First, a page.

“A World in Roberto Salazar”

“Sometimes dreams are wiser than waking.” —Black Elk

My agony convulses in backwater bays. Crashes like severed glaciers in warm waters. Screams grating melodies from plastic islands while water creatures wail from the deep.

I imagine pain. Pain of the body. Pain in the rolling hills and in the underbellies of caverns. Pain running like frigid fingers down mountain spines—through a people unaware they have lost the way so gnash at their own hands in search of blood.

Like the boy, Roberto Salazar. His instinct did not tell him to suck life from breast or bottle. At three months, his mother fed him with an eye dropper and at eight months, a stomach tube.

They say he never cried. Not from hunger or shots. Not from scraped knees or spankings—and they tried to make him cry. Tried to make him feel something that told them he was alive and might continue to live.

When the boy started teething, something in him knew he needed to chew, but it wasn’t hunger that told him so. Curiosity gnawed on his hands and lips, bit off part of his tongue. Doctors pulled out his teeth so he couldn’t continue to maim himself.

This congenital analgesia is a genetic mutation; the pain channels are cut off, so an insect bite, a concussion, a broken bone, a burst appendix—all go undetected by the body.

How could he know not to jump from the roof? The temptations of falling, flying, wind in the hair. Not to place a hand on a hot stove? The raging red beautiful, the singed skin curious. Not to run to world’s end, legs burning, lungs groping?

Every sensation of pain is brain made. No pain emanates directly from tissue. The brain reads signals from tissue and creates the illusion that pain comes from torso or limb.

People know more about space than they do the oceans—more about pain than a lack of it. The evolutionary marvel of pain signals the need for change, but what if no pain exists? What then? Though his wounds fester before his eyes, young Salazar continues to poke at them just to see what if.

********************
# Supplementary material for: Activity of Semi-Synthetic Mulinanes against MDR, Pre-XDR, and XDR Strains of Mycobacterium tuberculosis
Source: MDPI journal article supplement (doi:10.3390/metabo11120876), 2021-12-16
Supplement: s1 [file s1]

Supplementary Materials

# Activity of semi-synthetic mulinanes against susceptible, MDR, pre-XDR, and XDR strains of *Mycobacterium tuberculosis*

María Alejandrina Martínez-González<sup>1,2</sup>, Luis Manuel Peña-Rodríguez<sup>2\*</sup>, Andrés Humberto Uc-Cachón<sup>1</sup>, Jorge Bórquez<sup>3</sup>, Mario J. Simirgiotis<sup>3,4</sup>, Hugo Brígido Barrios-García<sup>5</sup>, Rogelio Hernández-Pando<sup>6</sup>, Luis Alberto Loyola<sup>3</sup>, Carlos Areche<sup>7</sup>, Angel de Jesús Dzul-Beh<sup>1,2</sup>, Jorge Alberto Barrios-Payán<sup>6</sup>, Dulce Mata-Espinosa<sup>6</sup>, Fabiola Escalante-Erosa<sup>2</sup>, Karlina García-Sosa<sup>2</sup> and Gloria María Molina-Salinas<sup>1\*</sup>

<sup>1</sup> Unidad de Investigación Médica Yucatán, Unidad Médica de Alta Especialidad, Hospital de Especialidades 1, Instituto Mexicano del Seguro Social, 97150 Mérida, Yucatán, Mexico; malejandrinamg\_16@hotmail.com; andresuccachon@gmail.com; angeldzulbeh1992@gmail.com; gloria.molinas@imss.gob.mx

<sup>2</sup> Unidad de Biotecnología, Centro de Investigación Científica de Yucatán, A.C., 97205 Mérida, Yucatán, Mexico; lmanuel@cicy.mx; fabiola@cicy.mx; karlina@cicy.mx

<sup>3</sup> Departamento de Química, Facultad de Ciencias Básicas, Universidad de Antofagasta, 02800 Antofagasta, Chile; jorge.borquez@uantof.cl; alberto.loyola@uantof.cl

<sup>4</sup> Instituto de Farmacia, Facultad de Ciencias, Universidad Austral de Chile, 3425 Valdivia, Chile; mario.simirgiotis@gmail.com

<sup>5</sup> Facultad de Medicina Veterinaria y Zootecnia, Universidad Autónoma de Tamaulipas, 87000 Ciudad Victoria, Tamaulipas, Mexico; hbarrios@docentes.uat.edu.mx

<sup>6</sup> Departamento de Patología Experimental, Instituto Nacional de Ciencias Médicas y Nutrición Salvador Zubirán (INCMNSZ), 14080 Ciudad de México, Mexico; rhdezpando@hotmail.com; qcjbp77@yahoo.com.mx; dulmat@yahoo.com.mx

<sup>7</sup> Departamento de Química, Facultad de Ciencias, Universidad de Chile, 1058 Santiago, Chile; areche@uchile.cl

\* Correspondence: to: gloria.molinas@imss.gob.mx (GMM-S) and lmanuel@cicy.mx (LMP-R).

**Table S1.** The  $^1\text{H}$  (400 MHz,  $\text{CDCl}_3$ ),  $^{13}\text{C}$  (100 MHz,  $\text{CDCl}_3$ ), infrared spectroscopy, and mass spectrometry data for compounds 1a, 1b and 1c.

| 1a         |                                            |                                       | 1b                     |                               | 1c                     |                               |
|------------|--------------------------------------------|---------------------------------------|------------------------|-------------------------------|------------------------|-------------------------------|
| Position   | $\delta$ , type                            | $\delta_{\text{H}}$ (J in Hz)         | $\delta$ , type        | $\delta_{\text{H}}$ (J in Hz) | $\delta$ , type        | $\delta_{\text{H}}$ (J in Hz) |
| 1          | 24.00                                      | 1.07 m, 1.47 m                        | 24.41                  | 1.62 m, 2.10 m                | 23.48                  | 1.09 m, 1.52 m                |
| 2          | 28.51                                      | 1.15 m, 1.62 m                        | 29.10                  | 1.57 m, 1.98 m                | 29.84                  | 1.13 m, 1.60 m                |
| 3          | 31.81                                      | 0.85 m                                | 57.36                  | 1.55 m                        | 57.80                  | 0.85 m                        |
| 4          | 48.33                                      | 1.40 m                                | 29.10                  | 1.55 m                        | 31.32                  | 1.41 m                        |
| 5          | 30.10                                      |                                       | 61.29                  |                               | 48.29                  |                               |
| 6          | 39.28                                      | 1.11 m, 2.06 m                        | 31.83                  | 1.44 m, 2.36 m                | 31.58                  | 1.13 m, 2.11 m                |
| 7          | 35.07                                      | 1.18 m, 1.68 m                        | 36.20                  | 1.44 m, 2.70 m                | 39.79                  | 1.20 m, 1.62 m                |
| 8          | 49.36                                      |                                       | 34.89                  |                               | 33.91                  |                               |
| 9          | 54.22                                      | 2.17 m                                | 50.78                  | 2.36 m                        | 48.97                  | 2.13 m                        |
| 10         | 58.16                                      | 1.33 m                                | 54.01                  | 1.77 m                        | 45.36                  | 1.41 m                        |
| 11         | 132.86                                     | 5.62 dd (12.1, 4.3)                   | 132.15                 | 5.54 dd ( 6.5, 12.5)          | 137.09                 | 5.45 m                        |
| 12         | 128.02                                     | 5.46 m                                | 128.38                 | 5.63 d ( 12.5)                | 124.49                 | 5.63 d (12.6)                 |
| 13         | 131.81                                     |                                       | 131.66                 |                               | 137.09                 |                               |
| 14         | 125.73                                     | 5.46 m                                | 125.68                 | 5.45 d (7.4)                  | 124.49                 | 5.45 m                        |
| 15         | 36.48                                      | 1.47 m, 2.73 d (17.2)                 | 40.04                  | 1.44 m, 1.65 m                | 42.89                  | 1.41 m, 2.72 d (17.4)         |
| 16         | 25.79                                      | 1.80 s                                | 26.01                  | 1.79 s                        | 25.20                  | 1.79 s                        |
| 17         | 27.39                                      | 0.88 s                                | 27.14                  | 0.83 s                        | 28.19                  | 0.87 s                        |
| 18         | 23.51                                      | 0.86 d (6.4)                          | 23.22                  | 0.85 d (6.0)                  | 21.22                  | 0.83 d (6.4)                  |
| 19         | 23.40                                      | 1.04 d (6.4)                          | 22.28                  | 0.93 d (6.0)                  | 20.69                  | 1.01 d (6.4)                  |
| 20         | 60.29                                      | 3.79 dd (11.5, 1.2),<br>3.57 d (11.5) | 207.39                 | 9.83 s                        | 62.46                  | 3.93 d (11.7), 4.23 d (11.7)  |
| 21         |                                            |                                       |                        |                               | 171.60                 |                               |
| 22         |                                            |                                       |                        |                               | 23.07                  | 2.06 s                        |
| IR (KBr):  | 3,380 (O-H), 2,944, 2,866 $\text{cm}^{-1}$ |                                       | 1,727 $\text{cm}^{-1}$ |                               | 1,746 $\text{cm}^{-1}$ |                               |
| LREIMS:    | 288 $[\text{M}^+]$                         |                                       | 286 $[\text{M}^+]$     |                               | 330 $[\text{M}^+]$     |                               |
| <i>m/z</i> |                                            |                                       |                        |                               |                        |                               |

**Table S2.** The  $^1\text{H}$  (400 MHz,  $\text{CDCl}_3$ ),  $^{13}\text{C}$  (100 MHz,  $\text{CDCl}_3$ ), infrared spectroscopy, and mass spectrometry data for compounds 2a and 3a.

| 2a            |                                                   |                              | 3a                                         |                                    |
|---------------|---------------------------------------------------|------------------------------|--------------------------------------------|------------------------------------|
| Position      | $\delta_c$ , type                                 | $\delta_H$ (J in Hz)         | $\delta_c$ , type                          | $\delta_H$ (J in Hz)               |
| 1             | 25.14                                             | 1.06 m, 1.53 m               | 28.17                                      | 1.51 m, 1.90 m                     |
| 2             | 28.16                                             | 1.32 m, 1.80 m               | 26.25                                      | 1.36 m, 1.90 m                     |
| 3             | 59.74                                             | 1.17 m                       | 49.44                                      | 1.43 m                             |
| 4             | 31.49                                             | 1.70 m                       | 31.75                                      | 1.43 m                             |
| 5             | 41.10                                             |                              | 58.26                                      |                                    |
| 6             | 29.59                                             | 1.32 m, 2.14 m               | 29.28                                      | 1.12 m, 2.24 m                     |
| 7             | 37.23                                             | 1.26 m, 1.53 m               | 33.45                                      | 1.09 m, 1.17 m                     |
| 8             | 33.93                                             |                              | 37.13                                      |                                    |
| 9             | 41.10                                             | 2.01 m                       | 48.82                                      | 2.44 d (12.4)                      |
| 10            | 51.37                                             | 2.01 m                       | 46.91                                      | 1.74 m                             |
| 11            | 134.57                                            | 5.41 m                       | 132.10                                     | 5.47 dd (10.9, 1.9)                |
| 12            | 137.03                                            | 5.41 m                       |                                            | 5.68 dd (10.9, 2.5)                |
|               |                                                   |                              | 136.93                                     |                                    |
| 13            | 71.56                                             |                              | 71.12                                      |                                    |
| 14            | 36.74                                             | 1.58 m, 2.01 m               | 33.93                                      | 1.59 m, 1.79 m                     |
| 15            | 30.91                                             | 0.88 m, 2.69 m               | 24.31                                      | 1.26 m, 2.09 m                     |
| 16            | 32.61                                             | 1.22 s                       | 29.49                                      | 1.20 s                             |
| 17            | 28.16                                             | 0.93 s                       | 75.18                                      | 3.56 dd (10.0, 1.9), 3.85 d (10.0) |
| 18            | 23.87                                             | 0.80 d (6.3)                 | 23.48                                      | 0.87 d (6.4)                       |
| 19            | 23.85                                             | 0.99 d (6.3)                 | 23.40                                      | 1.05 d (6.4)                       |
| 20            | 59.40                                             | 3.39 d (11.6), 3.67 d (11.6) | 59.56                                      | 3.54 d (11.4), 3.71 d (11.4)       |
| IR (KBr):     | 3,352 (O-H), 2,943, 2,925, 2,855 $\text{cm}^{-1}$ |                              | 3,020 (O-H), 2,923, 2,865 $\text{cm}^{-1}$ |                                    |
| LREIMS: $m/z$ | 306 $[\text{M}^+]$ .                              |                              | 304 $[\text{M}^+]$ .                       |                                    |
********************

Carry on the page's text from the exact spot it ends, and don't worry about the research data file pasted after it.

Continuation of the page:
The ancient philosopher Lucretius investigated the effects of emotions and pain. Battle lust disassociated a soldier from the torment of life-threatening wounds and pushed him anew into the fray. The deafening sounds of battle, hypnotizing him into numbness.

During World War II, Henry Beecher studied the expressions of pain in the badly wounded. He concluded there was no major correlation between the severity of any wound and a man’s expressions of suffering. The correlation came from a man’s emotional state. Nearly a third of those asked claimed to feel no pain at all.

Roberto Salazar cannot sweat or regulate his body temperature. He lives the summer months inside, in air-conditioned rooms devoid of bird song, of wind, of croaking tree frogs and light-as-air butterflies. Of bumbles burrowing inside cones of nectar, of roiling clouds and the sharp ozone smell of rain.

Doctors say he will be wheelchair bound by age ten, his femurs crooked from overuse.

He will perish long before his time.

If I am the battleground, numb are the soldiers. Their coal burns bright and hot and they choke on their decisions—a global suicide pact.

This pain is a ghost. It haunts the imagination. Only I see its dark mark pouring in rivers from my wounds while I lie here dying.

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About Staci Mercado

Staci Mercado won a Midwest Book Award for her historical fiction novel, Seeking Signs (Four Feathers Press, 2013). She has published work in Broad Street, Barely South Review, Flash Fiction Magazine, and Our Iowa. Staci teaches writing at her local high school and works as a creative writing professor. She was awarded the 2017 Outstanding Literary Arts Educator Award from the Midwest Writing Center.